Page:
……and of course with the aid of a few books, bookends, and rubber bands.

Which feels totally appropriate since we’d been already using stacks of books to prop up the necks of our bowus instruments, because we live surrounded by books, and because especially old books are absolutely critical for our sanity.

And lo and behold it worked !!  The weight of the microphones held them tightly enough to the instruments so that they didn’t rattle, and with the new positioning they picked up so much sound that we could dial down our preamps and still record a rich big signal.

We also made a small but significant change in the placement of our AKG C2000 condenser mikes by nudging them much closer to the instruments so we could reduce the amplification of our M-audio’s and thereby cut the hiss that these inexpensive condenser mikes (the cheapest that would even somewhat work….and the most expensive that we could afford, making this an area where when we have a bit more bread, that is when we can pay our rent with real not borrowed money, we’d love to do some upgrading) introduced as soon as we turned up the mic preamp knobs much beyond 12 o’clock.

Together these changes greatly improved the behavior of our recorded signal.  We no longer were always flirting with  the red, while the troublesome hiss which in previous posts had bedeviled our condenser microphone tracks was greatly reduced.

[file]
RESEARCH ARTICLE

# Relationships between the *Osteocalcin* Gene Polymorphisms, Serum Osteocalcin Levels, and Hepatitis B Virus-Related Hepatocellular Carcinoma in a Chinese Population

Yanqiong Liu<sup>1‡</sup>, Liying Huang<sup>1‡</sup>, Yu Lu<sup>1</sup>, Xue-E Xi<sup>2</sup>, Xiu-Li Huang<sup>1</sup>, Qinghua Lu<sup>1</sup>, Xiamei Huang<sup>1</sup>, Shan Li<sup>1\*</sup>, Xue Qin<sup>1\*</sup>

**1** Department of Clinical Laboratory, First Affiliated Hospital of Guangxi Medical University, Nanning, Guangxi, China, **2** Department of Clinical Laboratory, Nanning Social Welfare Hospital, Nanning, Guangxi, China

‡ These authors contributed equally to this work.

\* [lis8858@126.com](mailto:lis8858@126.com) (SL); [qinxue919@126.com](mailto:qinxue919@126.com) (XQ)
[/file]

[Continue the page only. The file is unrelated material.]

Equally wonderful, our new miking arrangement made dotara sound much warmer.  Of course part of this may have been because the new positioning allowed us to play our instruments more softly, and we always sound better when we’re playing softly.

This was particularly evident in the instrument’s plucked sound, but you won’t hear that in this particular quartet because our first editing move was to separate out all of the plucked sections and to set them aside for the vocal piece which we will be posting in about three weeks.  In part this is because the plucked and bowed sections sound so very different, but also since we’re still trying to quickly build this blog up to the point where it has four posts (each centered around a new piece of music), whenever we can save a little time we go for it.